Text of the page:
In addition to the claim language itself, it is always necessary to review the specification in the patent because the "specification contains a written description of the invention which must be clear and complete enough to enable those of ordinary skill in the art to make and use it." Vitronics Corp., 90 F.3d at 1582; see also 35 U.S.C. § 112, ¶ 1 ("The specification shall contain a written description of the invention . . . in . . . full, clear, concise, and exact terms."). "In light of the statutory directive that the inventor provide a 'full' and 'exact' description of the claimed invention, the specification necessarily informs the proper construction of the claims." Phillips, 415 F.3d at 1316. Thus, the specification is "'highly relevant'" to the analysis, and many times will be "'dispositive.'" Id. at 1315 (quoting Vitronics Corp., 90 F.3d at 1582).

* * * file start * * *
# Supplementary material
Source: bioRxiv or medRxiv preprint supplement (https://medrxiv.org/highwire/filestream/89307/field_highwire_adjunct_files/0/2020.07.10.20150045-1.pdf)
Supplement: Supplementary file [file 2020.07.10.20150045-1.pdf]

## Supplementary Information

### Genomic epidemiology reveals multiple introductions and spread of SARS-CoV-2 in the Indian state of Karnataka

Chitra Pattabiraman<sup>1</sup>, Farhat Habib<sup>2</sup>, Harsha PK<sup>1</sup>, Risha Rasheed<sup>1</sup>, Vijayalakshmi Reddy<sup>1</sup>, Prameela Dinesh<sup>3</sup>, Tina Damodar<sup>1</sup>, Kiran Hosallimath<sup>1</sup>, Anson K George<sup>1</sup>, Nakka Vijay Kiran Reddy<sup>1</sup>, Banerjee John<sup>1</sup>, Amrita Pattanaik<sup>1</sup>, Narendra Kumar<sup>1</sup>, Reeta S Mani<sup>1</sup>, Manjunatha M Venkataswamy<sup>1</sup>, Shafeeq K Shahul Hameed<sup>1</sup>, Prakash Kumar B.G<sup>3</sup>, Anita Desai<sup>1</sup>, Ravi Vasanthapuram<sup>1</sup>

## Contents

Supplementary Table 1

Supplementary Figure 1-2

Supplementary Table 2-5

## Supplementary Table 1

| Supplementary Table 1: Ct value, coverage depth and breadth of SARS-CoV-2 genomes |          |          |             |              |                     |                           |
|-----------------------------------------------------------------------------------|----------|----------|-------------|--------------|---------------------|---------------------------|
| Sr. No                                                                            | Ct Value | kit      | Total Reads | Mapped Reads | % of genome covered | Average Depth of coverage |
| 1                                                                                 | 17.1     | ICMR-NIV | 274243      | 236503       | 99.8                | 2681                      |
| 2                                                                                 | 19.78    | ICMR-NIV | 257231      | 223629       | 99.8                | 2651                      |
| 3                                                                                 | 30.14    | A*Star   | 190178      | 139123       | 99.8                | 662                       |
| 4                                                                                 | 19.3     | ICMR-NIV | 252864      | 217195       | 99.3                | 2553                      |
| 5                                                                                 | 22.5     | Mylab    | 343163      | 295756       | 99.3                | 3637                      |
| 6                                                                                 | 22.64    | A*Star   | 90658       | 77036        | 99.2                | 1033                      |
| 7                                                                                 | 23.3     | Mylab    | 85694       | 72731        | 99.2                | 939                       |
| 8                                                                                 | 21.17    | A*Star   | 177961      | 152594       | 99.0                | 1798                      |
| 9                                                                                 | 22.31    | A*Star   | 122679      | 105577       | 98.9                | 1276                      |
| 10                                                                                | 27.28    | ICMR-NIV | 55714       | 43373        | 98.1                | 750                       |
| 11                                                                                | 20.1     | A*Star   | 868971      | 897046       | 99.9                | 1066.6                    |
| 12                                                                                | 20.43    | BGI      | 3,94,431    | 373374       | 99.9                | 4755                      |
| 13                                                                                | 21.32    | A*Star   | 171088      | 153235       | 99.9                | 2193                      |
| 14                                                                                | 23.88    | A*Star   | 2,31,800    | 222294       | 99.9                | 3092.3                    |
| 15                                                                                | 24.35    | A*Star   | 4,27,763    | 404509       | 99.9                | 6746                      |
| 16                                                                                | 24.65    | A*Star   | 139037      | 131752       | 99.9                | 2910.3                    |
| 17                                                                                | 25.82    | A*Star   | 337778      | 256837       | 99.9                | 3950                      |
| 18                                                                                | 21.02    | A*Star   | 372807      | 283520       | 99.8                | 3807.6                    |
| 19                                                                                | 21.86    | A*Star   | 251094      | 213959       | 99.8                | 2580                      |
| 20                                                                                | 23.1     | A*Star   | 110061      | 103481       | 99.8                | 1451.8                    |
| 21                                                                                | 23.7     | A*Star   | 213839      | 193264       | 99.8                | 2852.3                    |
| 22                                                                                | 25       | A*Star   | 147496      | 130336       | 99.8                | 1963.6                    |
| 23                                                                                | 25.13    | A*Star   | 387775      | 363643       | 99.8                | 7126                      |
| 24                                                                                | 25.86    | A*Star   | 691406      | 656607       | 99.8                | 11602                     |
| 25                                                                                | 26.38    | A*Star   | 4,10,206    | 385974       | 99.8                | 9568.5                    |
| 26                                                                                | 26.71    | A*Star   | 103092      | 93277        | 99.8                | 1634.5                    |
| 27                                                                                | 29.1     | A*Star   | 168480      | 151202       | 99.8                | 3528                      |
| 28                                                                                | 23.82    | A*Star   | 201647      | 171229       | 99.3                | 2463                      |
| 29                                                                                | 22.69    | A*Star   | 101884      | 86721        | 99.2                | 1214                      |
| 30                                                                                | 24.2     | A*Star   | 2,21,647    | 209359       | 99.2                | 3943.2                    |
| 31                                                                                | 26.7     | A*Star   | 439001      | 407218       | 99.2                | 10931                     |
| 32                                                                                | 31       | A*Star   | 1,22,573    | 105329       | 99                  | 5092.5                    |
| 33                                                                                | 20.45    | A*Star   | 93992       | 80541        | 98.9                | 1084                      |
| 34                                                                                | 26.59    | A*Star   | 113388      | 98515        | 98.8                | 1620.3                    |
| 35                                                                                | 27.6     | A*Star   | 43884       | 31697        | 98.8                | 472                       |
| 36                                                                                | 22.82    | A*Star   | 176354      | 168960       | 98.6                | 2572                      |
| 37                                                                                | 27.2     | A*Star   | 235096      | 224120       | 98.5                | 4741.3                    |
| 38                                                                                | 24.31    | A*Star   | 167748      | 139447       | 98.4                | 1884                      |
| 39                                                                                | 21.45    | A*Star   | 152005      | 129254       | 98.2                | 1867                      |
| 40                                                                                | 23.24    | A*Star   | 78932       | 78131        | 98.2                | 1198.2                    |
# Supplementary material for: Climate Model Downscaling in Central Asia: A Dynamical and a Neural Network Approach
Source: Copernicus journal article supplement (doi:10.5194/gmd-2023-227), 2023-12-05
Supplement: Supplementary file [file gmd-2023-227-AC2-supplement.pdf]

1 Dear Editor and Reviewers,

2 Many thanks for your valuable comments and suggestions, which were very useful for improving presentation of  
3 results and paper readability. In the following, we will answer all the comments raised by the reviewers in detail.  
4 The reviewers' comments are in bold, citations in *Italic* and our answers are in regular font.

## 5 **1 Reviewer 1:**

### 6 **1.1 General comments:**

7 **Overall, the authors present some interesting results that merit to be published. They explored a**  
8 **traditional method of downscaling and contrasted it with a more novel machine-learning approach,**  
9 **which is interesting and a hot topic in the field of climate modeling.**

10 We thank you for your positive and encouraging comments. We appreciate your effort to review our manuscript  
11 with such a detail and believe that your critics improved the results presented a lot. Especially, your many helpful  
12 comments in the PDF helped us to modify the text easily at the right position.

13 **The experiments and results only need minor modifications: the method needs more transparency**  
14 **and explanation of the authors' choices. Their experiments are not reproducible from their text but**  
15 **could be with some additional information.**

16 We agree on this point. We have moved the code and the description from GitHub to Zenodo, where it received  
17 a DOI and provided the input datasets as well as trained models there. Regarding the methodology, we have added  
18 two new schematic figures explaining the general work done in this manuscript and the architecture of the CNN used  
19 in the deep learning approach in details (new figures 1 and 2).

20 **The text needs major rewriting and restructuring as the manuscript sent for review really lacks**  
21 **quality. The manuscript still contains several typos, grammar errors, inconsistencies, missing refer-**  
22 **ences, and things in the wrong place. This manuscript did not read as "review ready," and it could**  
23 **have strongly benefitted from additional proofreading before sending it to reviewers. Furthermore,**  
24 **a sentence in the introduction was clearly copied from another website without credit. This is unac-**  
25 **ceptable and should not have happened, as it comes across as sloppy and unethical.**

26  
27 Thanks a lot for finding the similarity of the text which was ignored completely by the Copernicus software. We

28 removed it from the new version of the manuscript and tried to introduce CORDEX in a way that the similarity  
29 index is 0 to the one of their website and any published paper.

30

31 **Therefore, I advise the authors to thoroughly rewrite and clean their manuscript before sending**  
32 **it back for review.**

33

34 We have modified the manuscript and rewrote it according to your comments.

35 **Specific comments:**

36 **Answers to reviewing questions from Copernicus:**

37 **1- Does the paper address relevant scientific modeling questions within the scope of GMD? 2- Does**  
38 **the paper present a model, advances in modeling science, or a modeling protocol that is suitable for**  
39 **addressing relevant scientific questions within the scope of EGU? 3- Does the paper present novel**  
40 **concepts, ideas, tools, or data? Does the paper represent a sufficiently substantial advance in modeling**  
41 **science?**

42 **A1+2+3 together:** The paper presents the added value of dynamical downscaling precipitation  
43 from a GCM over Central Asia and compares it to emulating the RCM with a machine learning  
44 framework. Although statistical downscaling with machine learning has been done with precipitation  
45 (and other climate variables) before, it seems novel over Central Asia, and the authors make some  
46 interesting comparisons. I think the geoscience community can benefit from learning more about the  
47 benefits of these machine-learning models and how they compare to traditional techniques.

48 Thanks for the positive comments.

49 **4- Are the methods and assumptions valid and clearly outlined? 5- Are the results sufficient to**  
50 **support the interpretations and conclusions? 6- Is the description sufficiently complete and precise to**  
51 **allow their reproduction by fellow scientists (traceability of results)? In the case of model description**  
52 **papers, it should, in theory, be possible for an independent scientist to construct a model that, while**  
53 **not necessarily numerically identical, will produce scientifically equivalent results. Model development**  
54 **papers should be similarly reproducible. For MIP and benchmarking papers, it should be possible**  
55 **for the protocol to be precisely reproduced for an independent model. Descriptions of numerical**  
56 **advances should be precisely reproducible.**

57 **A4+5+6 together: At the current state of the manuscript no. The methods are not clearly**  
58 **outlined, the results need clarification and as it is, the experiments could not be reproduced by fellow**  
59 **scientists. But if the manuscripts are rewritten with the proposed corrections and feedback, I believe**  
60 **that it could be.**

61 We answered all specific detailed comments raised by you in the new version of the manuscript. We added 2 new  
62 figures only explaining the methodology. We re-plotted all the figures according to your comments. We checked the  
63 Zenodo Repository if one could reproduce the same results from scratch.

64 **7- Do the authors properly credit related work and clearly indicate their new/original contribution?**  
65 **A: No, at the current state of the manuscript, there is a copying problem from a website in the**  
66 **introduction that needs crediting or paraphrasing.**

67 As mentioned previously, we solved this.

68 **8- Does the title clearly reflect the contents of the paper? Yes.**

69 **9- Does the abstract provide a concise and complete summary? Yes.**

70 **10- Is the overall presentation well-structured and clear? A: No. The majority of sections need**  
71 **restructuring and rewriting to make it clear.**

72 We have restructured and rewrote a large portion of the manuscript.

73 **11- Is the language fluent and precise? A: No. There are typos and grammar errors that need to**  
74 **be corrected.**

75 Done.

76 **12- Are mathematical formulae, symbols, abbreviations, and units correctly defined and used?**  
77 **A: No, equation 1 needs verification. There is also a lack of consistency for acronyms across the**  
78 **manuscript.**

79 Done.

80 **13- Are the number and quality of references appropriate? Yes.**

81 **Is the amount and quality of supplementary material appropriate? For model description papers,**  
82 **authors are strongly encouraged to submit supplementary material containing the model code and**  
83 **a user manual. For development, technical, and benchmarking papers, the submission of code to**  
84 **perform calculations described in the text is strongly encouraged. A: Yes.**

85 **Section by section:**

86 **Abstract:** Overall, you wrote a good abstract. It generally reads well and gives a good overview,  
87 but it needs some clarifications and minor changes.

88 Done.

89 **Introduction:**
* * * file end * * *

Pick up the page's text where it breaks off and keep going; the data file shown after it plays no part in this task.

In addition to this intrinsic evidence, extrinsic evidence, such as dictionaries, treatises, and expert testimony, may inform the claim construction analysis. Id. at 1317-18. Despite its utility, however, extrinsic evidence "is unlikely to result in a reliable interpretation of patent claim scope unless considered in the context of the intrinsic evidence." Id. at 1319. "The best source for understanding a technical term is the specification from which it arose, informed, as needed, by the prosecution history." Multiform Desiccants, Inc. v. Medzam, Ltd., 133 F.3d 1473, 1478 (Fed. Cir. 1998).
b) The Second Opening Disposed Remote from the First